In 1989, the Playing for Peace program was launched with the help of Eric Stumacher; Phillip Levy, a Welsh/Israeli violinist and member of the Players; Harriet Feinberg, Apple Hill recruiter and peace activist; Arthur Cohen, a local Keene doctor and supporter of Apple Hill; and generous donors and federal cultural agencies. The Players traveled to Israel to give chamber music workshops for students, play concerts, and award scholarships to both Jewish and Palestinian Israeli students to come study at Apple Hill in the summer. With the help of Martin Quinn, who worked for the U.S. State Department, this program expanded over the years to include other Middle Eastern countries (Syria, Egypt, and Jordan) as well as Turkey, Morocco, Poland, Ireland, and Cyprus. In 1992, a PBS special was made about one of the trips that the Players took to the Middle East for the Playing for Peace Program.
In 2008, longtime Apple Hill faculty and violist Lenny Matczynski took over the leadership of Apple Hill as the Artistic and Executive Director. That year, the Apple Hill Chamber Players became the Apple Hill String Quartet, when longtime Chamber Players Elise Kuder, violin; Mike Kelley, viola; and Rupert Thompson, cello, were joined by Sarah Kim, violin, to create a string quartet in residence. Violinist Colleen Jennings joined the group in 2013, replacing Sarah Kim, and violinist Jesse MacDonald joined the group in 2020, replacing Colleen. In 2022, Lenny Matczynski stepped down and Javier Caballero was appointed as Apple Hill’s next Executive Director.
The Playing for Peace program continues to expand and has been absorbed as an institutional philosophy of inclusion, bringing together students and faculty from around the world including those who are underrepresented in classical music, separated by racial or ethnic discord, or by differences of gender, ideology, religion, age, or playing level.
With the support of a new generation of donors, Apple Hill set to work revitalizing the facilities, now over 40 years old. New buildings included the year-round Hoffman Auditorium, built with the help of the Community Development Block Grant (CDBG) and Community Development Finance Authority (CDFA) programs; the Bath and Shower Barn, built with the help of the USDA Rural Development Program; and more than half of the 24 cabins scattered across the campus. The 1790 farmhouse received a fresh coat of paint and the interior was redesigned to reflect the growing staff. The iconic sugar house received a major renovation in 2016 and since 2008 the grounds have been improved with flower, herb, and vegetable gardens – landscaping worthy of the beautiful rural setting.
The summer workshops continue to be a vital centerpiece of Apple Hill. All five summer sessions are fully enrolled with participants from the international and domestic Playing for Peace program alongside musicians of all levels and ages from around the globe – 300 students in all, coached by 45 faculty.
The ideals of the Apple Hill Community that originated years ago still exist today: a community built on mutual respect, acceptance, listening to each other, and supporting and cultivating each other’s unique abilities, no matter what skill level or experience. The ideals of the Apple Hill community are similar to those of chamber music – a collective voice of mutual cooperation where the whole is greater than the sum of the parts.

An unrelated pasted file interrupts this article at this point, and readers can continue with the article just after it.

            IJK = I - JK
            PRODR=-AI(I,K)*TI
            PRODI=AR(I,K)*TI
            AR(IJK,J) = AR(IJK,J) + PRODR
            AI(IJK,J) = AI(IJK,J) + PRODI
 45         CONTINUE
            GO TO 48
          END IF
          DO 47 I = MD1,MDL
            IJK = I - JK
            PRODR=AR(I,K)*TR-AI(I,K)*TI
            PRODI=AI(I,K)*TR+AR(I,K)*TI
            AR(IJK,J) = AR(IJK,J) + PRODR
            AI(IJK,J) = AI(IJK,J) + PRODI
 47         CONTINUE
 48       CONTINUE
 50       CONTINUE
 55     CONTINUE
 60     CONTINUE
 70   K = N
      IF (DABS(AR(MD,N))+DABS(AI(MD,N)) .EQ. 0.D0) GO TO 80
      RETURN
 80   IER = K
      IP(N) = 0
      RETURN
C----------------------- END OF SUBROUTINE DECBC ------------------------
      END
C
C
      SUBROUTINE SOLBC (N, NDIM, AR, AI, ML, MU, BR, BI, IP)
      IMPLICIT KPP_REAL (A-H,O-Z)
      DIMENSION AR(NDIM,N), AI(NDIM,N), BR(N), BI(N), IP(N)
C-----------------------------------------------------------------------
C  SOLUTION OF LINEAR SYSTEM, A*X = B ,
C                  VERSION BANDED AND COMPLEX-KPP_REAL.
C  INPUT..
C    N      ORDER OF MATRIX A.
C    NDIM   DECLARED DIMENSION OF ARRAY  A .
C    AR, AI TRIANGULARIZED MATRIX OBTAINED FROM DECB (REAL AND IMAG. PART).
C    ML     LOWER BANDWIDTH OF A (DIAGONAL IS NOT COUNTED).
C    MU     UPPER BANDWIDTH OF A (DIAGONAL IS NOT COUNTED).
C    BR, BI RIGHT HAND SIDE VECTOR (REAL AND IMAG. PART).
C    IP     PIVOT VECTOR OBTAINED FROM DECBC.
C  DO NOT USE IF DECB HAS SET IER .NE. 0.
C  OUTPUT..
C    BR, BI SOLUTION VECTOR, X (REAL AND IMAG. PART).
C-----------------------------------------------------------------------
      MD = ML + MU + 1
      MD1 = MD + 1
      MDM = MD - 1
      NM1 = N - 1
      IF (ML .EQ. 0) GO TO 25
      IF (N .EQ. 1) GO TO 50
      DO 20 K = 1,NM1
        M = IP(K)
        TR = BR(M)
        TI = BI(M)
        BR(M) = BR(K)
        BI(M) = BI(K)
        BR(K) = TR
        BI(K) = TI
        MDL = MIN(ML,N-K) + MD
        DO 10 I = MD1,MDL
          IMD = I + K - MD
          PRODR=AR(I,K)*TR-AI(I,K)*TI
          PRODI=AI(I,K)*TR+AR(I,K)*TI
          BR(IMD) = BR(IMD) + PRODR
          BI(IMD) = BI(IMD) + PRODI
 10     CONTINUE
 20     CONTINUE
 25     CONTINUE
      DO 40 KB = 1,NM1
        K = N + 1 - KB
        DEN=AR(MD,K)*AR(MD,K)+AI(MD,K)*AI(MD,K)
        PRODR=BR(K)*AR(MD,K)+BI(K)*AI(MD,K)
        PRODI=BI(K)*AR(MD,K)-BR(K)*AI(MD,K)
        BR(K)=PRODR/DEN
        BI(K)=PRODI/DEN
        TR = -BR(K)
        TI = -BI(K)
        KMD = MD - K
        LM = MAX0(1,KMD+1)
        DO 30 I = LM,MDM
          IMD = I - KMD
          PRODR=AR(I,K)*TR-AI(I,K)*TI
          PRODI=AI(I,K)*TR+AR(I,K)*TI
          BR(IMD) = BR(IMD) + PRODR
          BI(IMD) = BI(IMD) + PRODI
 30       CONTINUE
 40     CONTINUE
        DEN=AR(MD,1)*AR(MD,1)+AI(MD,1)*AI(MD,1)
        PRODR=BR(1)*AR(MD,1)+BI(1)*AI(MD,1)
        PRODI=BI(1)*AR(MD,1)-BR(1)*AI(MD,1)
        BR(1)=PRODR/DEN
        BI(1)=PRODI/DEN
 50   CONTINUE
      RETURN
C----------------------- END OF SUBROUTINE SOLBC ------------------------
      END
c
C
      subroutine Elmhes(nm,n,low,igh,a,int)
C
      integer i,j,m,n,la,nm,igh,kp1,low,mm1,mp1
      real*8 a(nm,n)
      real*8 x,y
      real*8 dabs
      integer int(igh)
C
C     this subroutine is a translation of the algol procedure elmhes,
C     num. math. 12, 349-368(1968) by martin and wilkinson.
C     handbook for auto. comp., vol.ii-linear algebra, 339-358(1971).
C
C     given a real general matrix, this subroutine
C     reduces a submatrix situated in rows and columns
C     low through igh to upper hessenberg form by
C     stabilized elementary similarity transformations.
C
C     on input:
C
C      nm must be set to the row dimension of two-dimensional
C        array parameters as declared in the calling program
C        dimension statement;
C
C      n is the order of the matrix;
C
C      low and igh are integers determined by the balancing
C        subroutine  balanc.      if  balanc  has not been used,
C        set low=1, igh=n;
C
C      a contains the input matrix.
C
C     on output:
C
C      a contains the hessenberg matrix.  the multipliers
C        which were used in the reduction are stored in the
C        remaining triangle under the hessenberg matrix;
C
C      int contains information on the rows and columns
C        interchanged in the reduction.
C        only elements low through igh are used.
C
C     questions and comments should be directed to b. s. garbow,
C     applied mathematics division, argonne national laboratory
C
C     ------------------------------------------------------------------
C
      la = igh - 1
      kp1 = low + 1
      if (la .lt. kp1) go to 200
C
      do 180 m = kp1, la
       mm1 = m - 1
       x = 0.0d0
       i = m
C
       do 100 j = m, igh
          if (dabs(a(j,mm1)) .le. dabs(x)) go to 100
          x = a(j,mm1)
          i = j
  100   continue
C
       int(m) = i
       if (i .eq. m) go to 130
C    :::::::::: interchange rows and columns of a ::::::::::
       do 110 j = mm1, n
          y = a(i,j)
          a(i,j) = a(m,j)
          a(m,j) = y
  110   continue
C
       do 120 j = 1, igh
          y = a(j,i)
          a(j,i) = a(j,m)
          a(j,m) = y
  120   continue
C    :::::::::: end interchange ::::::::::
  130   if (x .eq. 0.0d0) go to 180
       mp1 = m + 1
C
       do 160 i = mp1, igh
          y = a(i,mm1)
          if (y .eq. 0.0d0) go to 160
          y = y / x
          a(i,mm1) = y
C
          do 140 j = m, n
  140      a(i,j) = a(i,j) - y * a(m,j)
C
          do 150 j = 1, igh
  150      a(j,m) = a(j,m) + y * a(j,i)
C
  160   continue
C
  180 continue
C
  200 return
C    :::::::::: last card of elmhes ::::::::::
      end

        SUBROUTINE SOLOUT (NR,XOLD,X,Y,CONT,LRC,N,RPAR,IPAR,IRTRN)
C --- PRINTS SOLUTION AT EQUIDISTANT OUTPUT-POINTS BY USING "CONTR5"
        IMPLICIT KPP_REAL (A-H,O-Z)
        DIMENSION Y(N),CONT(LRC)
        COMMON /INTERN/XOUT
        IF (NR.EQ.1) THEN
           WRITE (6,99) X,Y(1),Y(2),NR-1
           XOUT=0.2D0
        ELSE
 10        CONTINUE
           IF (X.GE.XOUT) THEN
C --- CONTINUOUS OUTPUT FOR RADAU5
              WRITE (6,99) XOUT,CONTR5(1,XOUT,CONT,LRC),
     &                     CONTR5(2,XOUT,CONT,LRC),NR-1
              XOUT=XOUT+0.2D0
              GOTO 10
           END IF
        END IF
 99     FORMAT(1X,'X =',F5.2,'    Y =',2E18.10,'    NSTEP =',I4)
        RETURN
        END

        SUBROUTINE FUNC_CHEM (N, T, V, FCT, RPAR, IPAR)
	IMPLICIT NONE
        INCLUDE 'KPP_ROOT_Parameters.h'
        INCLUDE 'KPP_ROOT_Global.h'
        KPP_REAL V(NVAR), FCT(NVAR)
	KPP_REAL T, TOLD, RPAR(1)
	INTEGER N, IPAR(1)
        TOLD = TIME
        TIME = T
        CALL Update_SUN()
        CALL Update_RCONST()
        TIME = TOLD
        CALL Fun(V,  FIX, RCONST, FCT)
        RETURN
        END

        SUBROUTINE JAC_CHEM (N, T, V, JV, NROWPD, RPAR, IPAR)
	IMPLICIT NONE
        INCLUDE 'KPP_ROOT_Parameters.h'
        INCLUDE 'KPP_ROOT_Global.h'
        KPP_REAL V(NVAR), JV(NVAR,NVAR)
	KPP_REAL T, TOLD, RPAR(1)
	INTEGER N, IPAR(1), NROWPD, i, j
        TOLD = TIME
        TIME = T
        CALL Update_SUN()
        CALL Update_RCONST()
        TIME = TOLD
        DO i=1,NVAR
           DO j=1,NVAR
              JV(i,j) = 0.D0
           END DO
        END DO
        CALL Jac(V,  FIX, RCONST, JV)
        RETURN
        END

Betty Hauck, founding member of Apple Hill and violist-in-residence, 1973-1995, tells the story of the iconic elm tree at the center of Apple Hill. Click here to read the full story and get a glimpse of Apple Hill’s campus and spirit through the years.
It was love at first sight, but it’s not what you’re thinking. I fell in love with a place, not a person. It was the summer of 1971 and I was heading up to spend a month teaching and performing at a summer music camp for the first time. Not knowing what to expect I drove up the dirt road in Nelson, NH towards this place that was called Apple Hill – the road was a narrow one, winding and hilly, with beautiful old maple trees on either side. It had taken me about two hours to get here from my apartment in Cambridge and this dirt road was the last two miles of the trip. I was twenty-five years old and I was both excited and nervous. I finally rounded the last bend in the road and was greeted by a sight that took my breath away – it was the most beautiful place I had ever seen! It’s true, I fell in love. How can I describe that first sight of Apple Hill with the majestic elm tree towering over all, the view over-looking the hills of Vermont, the antique yellow cape and the red barns and sugar house? It was magical! At that moment I had the strange sensation of a voice whispering in my ear that I would be here as long as the tree was. This made no sense at the time since I had come up to teach for only a month, but somehow I had a feeling that my life had changed forever – and it had!
Betty recounts a memorable winter concert and a special recording. Click here to read the full story.